What to use for binary decision-making in a predictive setting? Point Prediction or Prediction Interval?

Dr. Frank Harrell encouraged me via Twitter to post my question here. Thank you in advance for your feedback.


I developed a predictive model which can be used to predict a (continuous) score. (The model is nothing fancy - a linear regression model with multiple predictors.)

The model will be applied on a per subject basis to predict their score from input predictor values. Given a subject’s predicted score, the overall goal is to recommend a particular course of action for that subject based on whether (i) their predicted score is greater than or equal to a pre-specified threshold or (ii) their predicted score is strictly less than that pre-specified threshold. For example, the course of action for (i) could be “do nothing” and for (ii) could be “take more training to improve your score”.


This overall goal makes me wonder whether one should check whether or not the entire prediction interval for the given subject contains or not that threshold?


On Twitter, Dr. Harrell mentioned the following:

“That’s a super question, worth a new topic on http://datamethods.org if you want. We tend to use point estimates for decisions but the optimal Bayes decision takes uncertainties also into account.”

I should clarify that I operate in a Frequentist setting.


I don’t think that this important topic has been explored enough in the literature, so I look forward to others’ responses. To add a bit of background, it is very difficult to make an optimum decision without using a Bayesian approach. That’s because the Bayes optimum decision, e.g., one that maximizes expected utility / minimizes expected loss, takes consequences of the decisions into account in a formal quantitative fashion. Expected utility is a function of the posterior distribution of the unknown parameter(s) and the utility function. The utility function can be asymmetric, e.g., the cost of missing cancer may be greater than the cost (monetary and otherwise) of using a radical treatment on a non-existent cancer. The posterior distribution can also be asymmetric just as a confidence interval can go farther out on the “harm” side than on the “benefit” side. These asymmetries can result in an optimum decision that is not obvious. This is to say that the question is difficult.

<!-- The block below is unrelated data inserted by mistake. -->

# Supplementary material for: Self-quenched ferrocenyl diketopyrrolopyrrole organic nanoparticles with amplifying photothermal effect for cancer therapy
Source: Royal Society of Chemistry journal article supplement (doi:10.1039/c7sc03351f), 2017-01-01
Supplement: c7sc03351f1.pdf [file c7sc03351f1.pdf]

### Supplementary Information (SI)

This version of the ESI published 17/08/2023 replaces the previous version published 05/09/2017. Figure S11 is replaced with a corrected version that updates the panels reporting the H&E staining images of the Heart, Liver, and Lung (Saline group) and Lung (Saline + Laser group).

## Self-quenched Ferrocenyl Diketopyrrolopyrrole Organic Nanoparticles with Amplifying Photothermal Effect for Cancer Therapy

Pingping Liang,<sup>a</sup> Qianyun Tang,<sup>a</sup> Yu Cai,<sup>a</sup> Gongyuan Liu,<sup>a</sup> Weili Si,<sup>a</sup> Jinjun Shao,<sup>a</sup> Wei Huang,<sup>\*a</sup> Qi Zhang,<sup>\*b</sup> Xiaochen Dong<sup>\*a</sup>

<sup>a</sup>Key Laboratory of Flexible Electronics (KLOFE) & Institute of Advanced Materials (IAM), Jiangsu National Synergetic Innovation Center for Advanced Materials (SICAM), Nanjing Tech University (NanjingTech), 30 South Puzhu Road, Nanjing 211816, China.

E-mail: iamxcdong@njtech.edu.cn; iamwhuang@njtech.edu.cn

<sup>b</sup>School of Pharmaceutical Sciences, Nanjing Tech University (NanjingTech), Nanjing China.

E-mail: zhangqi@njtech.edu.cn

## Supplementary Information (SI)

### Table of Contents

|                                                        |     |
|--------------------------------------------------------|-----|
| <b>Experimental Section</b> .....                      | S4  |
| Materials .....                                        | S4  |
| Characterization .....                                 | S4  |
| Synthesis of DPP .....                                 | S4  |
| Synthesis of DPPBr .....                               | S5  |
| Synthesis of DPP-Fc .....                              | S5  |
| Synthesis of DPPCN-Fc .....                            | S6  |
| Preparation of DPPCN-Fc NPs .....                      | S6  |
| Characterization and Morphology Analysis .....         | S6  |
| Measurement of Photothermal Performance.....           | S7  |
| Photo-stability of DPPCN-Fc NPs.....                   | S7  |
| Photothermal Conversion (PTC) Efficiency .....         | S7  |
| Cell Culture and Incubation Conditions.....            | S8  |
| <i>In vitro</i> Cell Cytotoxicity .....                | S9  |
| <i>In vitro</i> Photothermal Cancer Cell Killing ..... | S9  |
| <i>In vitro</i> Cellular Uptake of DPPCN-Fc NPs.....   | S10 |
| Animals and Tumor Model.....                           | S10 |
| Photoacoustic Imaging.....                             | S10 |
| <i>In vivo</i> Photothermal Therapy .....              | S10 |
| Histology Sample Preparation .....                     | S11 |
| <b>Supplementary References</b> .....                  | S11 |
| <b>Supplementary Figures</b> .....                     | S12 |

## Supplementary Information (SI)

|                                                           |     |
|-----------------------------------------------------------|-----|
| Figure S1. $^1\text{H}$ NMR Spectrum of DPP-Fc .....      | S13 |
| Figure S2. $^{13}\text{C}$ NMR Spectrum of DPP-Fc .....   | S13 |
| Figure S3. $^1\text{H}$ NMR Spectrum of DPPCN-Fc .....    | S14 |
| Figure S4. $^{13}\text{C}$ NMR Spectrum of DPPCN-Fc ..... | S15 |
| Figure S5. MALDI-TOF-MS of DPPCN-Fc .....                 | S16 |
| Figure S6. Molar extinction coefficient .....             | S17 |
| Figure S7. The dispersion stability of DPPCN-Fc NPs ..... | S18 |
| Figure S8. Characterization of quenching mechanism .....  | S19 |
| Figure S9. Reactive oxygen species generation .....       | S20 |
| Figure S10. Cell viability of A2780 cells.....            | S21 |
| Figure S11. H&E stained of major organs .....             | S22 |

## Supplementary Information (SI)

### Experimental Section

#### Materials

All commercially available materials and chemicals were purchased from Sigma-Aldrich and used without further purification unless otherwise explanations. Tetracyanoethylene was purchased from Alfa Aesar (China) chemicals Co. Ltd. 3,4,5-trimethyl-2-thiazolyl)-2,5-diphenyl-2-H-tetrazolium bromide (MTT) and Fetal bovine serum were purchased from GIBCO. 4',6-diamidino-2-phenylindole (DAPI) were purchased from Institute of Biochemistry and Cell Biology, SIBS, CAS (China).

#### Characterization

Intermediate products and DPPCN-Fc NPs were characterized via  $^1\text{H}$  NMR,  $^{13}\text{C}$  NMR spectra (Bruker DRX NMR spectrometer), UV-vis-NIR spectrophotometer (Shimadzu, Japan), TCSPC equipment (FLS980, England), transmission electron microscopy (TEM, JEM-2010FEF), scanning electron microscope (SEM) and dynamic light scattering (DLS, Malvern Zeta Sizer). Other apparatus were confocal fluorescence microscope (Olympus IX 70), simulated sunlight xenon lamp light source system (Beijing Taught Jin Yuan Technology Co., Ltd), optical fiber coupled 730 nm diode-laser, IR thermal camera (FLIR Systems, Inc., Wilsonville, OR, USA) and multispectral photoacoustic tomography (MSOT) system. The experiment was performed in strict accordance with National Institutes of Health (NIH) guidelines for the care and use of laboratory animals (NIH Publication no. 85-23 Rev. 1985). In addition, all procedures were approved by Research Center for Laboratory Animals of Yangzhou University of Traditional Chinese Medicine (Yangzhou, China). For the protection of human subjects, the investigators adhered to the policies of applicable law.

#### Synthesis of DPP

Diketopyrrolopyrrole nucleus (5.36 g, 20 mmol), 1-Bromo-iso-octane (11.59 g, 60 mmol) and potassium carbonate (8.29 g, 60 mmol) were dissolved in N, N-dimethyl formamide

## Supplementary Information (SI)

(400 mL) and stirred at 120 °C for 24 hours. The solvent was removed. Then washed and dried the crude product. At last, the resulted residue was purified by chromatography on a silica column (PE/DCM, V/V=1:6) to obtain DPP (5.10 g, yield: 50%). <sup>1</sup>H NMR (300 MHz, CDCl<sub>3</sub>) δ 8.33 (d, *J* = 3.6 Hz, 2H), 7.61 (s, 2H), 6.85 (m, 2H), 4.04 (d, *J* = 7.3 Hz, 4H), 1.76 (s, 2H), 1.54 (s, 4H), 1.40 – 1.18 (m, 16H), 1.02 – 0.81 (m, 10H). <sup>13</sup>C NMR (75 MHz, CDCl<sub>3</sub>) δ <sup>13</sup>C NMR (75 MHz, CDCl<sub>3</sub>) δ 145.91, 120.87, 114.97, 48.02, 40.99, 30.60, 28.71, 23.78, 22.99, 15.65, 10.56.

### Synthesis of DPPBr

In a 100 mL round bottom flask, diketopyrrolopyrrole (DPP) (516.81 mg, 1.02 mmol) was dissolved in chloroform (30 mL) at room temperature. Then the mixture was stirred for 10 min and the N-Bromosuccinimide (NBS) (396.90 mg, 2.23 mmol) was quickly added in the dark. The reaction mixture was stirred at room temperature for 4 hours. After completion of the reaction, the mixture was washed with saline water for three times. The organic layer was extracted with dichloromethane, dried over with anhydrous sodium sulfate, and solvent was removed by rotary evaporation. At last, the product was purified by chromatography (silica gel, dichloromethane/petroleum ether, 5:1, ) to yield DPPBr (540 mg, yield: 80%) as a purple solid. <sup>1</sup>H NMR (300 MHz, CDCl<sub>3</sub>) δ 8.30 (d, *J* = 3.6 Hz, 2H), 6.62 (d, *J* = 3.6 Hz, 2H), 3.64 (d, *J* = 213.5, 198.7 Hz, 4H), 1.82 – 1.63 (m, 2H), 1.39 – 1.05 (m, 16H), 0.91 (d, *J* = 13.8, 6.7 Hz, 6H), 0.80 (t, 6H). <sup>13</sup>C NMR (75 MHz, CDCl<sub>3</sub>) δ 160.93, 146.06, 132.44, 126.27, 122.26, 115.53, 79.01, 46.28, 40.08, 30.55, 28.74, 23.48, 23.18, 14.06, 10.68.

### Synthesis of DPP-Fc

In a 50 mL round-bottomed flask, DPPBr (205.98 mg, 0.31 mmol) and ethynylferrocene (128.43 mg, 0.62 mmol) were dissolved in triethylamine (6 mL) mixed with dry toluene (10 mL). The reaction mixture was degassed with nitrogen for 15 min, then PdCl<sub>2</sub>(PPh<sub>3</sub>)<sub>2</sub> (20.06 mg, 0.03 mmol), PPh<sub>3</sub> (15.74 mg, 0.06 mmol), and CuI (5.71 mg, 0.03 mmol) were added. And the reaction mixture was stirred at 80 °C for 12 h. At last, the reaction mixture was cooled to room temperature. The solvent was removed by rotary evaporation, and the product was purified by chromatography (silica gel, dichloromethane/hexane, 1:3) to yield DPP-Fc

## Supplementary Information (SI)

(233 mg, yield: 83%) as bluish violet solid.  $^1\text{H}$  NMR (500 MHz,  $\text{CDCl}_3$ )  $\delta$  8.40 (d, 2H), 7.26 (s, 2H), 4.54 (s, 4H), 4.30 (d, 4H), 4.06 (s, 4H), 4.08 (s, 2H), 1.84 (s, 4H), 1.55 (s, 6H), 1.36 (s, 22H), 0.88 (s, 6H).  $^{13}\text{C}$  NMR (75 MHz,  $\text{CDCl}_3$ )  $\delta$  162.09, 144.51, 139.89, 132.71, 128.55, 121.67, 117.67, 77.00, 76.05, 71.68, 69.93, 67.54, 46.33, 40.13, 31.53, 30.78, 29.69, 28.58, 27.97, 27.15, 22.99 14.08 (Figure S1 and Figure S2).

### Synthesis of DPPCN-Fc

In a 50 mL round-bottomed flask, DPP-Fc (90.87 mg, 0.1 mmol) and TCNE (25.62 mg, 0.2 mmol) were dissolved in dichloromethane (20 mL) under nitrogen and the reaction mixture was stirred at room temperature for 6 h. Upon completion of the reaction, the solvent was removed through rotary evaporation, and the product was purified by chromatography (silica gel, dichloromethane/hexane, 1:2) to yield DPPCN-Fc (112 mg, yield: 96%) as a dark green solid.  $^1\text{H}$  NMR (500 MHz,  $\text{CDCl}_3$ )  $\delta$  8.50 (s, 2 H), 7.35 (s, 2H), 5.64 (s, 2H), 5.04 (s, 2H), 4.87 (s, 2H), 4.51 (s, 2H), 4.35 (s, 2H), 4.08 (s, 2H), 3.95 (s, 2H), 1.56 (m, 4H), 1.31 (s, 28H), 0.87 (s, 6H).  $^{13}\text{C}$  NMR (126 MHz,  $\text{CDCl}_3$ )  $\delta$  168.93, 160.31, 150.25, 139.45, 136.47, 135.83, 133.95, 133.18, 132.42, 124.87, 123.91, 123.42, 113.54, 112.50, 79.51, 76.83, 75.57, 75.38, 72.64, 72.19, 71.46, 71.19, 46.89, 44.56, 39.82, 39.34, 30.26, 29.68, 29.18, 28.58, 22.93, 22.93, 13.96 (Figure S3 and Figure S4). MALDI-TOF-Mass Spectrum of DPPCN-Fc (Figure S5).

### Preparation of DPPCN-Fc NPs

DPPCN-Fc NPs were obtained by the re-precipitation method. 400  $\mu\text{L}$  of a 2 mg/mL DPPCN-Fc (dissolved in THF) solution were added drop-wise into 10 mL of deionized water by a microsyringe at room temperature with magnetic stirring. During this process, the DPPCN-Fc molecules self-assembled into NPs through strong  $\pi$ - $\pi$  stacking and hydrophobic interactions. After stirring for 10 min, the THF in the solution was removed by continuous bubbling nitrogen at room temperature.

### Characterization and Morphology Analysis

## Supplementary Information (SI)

We tend to use point estimates too quickly. At least looking at the prediction interval will give pause.


Hi @Isabella_Ghement, nice question. I don’t have an answer, but would like to ask for a clarification: let’s say for the sake of argument we achieve consensus that one should check the prediction interval. In that case the recommended action is clear/unambiguous if the prediction interval does not contain the decision threshold. But what if it does? It seems we’d go from the binary recommended action to ternary, which is clinically quite different situation (not saying that is worse; but surely different)